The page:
From School Leaver to Managing Partner
Warren, what drew you into a career in accountancy?
“It was probably when I was doing my GCSE’s in the early 1990’s that I realised that I wasn’t going to be an actor in Star Wars! I was doing GCSE Accounts and enjoyed the way that with the numbers you could get everything to balance, I found that very satisfying. I was also studying Economics at school and found that I really loved the whole business environment“.
Tell me about your early years in the profession
“Of course. After I completed my A-levels in Accounting and Economics I was keen to get straight into a job in accounting rather than go to University. I applied to the big firms but at that time they weren’t taking a lot of non-graduates. I was lucky enough to get an opportunity to interview at PEM and joined them at 19.
As a school-leaver I started with the AAT qualification which I didn’t find to be too challenging after my Accounting A-level, but when I moved onto the ICAEW qualification I kept failing the Tax paper. It became a real problem for me and stopped me progressing. I failed that paper so many times that I’d probably get sacked if I was a trainee at PEM these days.
One of the senior partners told me that I could stay on at the firm as AAT-qualified, but if I wanted real career progression I needed to persevere and get fully qualified.
In the end I converted over to the ACCA qualification which left me with six papers to finish before I got my qualification. My first daughter had been born and I knew I had to finish my final exams quickly as there was no way I could study for a long period with a little baby around.”
Did finishing your qualification allow the career progression you wanted?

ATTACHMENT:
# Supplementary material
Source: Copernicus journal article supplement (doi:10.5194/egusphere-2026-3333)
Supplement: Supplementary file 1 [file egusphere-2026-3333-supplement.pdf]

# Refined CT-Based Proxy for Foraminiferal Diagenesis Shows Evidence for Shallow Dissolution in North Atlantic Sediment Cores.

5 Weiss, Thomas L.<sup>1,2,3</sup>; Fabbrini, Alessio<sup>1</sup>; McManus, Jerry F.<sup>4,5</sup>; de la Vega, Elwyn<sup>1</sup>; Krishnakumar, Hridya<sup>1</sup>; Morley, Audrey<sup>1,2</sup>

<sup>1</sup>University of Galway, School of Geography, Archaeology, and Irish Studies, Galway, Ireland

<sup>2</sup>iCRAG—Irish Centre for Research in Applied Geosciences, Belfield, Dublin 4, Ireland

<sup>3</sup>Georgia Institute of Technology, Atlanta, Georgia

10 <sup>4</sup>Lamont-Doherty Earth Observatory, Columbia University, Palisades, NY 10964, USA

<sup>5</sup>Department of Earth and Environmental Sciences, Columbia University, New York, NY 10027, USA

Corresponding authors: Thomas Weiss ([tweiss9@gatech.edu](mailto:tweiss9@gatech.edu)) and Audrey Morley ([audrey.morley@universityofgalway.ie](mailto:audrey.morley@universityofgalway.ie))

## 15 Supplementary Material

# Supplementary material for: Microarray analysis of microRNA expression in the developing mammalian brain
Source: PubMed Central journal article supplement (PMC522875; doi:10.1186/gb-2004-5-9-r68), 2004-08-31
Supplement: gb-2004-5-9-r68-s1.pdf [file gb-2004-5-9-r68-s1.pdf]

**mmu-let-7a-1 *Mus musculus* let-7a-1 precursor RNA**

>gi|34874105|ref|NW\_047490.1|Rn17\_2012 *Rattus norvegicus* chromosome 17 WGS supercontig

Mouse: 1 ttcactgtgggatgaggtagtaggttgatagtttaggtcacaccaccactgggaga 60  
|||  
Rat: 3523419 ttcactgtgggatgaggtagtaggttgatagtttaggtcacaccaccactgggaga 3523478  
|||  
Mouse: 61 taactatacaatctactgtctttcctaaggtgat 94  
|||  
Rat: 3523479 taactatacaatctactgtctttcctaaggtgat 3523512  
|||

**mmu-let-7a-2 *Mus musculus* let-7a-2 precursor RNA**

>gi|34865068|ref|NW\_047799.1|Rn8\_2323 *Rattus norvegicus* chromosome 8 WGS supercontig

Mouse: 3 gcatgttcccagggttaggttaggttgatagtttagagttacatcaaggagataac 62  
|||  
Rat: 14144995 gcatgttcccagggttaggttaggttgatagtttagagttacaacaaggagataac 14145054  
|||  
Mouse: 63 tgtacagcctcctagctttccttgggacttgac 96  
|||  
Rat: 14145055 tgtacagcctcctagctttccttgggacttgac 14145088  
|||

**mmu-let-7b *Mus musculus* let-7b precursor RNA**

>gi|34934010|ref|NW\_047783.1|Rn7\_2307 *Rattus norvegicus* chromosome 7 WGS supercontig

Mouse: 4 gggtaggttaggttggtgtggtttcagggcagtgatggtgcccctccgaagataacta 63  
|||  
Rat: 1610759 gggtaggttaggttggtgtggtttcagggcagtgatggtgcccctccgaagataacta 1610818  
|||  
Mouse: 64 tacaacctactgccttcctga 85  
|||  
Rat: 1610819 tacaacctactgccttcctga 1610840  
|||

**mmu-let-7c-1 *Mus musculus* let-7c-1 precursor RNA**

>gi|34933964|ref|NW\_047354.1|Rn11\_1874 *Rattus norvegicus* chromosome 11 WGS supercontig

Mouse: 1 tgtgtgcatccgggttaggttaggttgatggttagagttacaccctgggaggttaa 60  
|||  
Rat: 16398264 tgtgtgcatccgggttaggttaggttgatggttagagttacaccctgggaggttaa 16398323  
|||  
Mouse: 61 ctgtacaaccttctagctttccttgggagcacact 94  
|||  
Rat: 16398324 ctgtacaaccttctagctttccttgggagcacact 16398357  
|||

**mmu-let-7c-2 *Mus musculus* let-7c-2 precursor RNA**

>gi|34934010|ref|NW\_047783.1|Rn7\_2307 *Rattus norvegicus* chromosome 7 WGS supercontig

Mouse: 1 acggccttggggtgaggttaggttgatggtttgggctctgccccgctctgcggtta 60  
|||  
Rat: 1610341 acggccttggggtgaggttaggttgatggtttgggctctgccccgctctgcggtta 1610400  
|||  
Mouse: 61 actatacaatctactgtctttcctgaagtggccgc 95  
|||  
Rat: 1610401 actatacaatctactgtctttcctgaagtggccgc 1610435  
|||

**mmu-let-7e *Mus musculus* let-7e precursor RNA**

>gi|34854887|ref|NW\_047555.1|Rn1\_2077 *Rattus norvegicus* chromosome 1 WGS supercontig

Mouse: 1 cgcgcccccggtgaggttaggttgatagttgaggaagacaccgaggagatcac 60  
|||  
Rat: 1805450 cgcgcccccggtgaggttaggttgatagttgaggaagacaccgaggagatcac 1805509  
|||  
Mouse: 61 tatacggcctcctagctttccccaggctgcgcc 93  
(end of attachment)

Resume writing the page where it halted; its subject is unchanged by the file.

“Yes, once I got my qualification things moved quickly. I was in the right place at the right time as a number of partners were retiring. I was working in audit and was getting the opportunity to work on larger clients, particularly helping with managing some of the jobs.”
At this point Warren laid out the timeline of his career with PEM since qualifying in 2002:
- 2003 – promoted to Assistant Manager
- 2005 – promoted to Manager
- 2009 – promoted to Partner
- 2016 – promoted to Managing Partner at the age of 41.
Did your rapid advancement have any downsides?
“At times. I remember going to my first conference which was organised by the Kreston Group of firms (that PEM are a member of) and feeling like I was a lot younger than the other Partners who were there. It was quite nerve-wracking.
My predecessor as Managing Partner got me involved in a rebranding project a few years ago. I had to help deliver the rebrand at a firm away-day and even though I was a Partner I was absolutely petrified!”
So it kept pushing you out of your comfort zone?
“Yes, very much so”.
How have you seen things change at the firm over your career?
“If I think back to the 1990’s when I started at PEM, the use of technology was limited to email and a few laptops. There was no accounting software, everything was manual, there was far less regulation and scrutiny. It was quite a traditional firm with core audit, accounts and tax services plus recovery and corporate finance. At that point we had around 80 staff and were something of a sleeping giant. I thought it was a good time to qualify at PEM as it felt like the firm was going somewhere.